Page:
Mutual Aid for Social Concerns

For some time I’ve been praying and thinking about Quaker Peace and Social Concerns Committees .Many Quaker meetings have had such committees for many years. For a long time I’ve been struggling to understand why I’ve felt these committees haven’t seemed to be as effective as they once were. Either we haven’t been identifying issues of injustice adequately, and/or methods and tools we once used no longer work. I am a member of the Peace and Social Concerns Committees of my local Quaker meeting as well as clerk of Iowa Yearly Meeting (Conservative)’s Peace and Social Concerns Committee.

For the past week or so I’ve been writing about justice work I’ve done to evaluate what I’ve learned, and figure out better ways to work for justice now.

What I have been led to believe is Mutual Aid programs are what our Peace and Social Concerns Committees should be today.

It is easy to continue to do what has always been done. In years past there were actual wars and methods of war, such as conscripting people into armed services. There were specific things we could mobilize against. We could refuse to cooperate with the draft. Could refuse to pay the war tax on our phone bill. Demonstrate at weapons production facilities.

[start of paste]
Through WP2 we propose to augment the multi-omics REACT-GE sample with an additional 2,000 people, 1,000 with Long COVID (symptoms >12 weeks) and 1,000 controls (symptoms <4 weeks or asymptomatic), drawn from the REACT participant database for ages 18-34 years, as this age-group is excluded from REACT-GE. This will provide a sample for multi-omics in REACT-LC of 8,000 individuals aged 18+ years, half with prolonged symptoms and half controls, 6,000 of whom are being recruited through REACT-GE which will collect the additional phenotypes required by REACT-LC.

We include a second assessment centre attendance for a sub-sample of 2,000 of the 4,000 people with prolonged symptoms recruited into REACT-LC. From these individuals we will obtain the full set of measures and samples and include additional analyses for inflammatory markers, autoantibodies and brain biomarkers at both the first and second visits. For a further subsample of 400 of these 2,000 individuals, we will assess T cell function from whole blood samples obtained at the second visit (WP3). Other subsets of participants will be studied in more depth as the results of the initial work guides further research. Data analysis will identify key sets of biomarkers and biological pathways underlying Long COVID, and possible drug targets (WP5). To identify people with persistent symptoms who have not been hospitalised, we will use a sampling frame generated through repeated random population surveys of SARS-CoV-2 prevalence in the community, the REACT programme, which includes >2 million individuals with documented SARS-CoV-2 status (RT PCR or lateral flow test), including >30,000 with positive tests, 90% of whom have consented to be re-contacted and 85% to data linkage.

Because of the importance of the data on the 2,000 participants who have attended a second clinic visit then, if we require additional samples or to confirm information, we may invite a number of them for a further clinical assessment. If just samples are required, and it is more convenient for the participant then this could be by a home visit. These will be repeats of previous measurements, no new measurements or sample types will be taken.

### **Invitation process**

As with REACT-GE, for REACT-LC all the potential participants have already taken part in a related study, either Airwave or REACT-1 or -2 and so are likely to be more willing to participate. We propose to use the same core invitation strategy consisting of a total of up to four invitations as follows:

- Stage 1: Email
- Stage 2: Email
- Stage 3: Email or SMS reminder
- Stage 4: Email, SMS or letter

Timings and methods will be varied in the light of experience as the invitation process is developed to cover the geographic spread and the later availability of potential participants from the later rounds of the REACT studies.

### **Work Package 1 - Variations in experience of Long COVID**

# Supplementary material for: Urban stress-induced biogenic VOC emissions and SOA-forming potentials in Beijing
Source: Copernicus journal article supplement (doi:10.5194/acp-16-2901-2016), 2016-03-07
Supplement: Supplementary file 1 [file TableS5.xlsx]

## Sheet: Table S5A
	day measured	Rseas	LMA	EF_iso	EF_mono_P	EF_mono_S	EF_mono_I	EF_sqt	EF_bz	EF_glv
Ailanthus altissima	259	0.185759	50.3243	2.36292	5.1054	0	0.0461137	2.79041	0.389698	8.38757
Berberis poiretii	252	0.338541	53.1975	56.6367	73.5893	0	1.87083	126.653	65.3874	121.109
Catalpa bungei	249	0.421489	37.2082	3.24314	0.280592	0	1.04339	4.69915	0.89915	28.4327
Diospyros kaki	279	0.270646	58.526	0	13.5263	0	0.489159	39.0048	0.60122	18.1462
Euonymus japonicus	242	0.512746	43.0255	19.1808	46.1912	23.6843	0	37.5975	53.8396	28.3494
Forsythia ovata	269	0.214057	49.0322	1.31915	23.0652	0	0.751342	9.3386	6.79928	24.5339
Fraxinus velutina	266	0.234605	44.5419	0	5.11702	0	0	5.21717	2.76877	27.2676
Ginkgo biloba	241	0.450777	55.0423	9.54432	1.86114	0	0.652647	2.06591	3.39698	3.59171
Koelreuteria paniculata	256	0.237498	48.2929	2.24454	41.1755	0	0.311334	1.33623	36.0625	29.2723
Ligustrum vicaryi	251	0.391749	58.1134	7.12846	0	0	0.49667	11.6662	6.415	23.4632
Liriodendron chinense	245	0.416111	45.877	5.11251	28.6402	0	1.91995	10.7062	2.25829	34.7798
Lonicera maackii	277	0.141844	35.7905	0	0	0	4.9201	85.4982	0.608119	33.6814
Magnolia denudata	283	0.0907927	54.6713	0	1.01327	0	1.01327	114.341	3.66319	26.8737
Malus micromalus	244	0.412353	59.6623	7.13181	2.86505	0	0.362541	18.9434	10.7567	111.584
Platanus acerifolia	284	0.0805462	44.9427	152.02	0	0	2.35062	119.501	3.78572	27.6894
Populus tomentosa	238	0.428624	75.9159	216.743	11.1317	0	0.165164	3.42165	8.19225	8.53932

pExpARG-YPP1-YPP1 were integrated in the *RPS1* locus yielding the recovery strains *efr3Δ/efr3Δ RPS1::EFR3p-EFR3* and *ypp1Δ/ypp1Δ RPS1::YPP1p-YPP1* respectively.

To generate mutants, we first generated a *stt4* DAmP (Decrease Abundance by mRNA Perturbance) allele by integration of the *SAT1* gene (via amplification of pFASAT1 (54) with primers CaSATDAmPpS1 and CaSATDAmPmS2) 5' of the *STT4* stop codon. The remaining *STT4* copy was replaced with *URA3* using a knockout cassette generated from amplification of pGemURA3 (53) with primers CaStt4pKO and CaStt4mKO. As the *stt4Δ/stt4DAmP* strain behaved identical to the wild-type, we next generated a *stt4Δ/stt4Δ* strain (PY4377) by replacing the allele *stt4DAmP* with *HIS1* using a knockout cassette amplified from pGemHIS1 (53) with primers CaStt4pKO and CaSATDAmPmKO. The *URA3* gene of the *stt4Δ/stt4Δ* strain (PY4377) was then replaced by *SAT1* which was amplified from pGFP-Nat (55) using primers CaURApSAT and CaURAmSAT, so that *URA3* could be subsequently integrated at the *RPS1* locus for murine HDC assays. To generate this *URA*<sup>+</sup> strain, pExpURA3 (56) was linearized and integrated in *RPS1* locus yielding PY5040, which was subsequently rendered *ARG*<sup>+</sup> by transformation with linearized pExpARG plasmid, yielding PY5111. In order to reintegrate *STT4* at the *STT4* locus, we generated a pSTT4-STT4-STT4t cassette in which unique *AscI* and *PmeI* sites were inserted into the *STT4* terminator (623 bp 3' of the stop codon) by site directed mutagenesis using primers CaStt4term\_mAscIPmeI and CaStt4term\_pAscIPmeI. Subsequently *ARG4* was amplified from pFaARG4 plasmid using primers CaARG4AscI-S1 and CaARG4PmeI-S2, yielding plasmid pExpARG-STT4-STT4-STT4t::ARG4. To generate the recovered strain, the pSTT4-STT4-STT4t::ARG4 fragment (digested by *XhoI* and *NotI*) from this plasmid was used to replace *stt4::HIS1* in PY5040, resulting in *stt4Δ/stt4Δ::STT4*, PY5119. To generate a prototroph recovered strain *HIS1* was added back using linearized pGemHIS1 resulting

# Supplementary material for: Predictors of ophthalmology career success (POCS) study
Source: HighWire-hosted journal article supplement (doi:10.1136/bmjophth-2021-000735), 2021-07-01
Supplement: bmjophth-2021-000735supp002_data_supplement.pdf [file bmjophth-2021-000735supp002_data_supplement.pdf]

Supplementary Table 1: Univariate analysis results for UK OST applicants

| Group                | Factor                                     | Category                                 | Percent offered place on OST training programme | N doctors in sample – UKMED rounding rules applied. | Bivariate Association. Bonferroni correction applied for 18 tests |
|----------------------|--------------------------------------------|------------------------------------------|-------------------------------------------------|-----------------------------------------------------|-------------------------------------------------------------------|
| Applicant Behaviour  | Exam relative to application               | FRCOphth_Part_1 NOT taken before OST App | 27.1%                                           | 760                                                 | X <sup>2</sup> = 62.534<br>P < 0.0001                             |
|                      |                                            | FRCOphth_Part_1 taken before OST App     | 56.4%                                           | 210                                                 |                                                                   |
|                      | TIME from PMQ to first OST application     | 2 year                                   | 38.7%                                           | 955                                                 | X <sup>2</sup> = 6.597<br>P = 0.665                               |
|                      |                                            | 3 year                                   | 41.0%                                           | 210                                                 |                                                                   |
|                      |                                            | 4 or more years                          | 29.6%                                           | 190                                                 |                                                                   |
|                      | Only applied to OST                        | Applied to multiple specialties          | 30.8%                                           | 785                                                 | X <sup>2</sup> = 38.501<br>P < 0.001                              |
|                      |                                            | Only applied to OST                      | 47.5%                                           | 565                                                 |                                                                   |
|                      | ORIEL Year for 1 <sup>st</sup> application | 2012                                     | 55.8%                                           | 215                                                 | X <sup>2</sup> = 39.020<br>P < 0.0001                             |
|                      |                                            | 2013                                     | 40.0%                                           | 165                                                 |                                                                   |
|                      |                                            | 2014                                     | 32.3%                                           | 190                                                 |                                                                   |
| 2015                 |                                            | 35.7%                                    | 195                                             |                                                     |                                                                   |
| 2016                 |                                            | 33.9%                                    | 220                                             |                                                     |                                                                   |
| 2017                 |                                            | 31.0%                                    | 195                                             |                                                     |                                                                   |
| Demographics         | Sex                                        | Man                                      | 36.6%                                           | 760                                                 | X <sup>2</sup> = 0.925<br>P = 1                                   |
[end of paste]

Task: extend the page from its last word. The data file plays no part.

And we had some access to our representatives at all levels of government. We could sometimes see the effect of writing letters to, and visiting the offices of these representatives. Letters to the Editor published in our newspapers seemed to sometimes influence our representatives and/or our fellow citizens. Some eighty years ago the Friends Committee on National Legislation (FCNL) began its work of helping Quakers lobby and engage with our Federal Government.

Now with the increasing number of people each representative is to try to serve, and the huge sums of money corporations and other interests give, most of us really have little effect on how our government works, including how money for social services is allocated and used. And stopping the money that goes to the military.

Another consideration is justice work that went so terribly wrong. One of the worst were Indian Boarding Schools, some of which were operated by Quakers. Tens of thousands of children were kidnapped from their families and taken far away to schools that tried to erase their identity and culture and try to teach them how to be assimilated into White society. Besides this being a tragic mistake to learn from, it is important to know the trauma from this has been passed from generation to generation. Native peoples today suffer from the legacy of this intergenerational trauma. It is essential that we acknowledge this if we ever hope to be able to work with Native peoples today.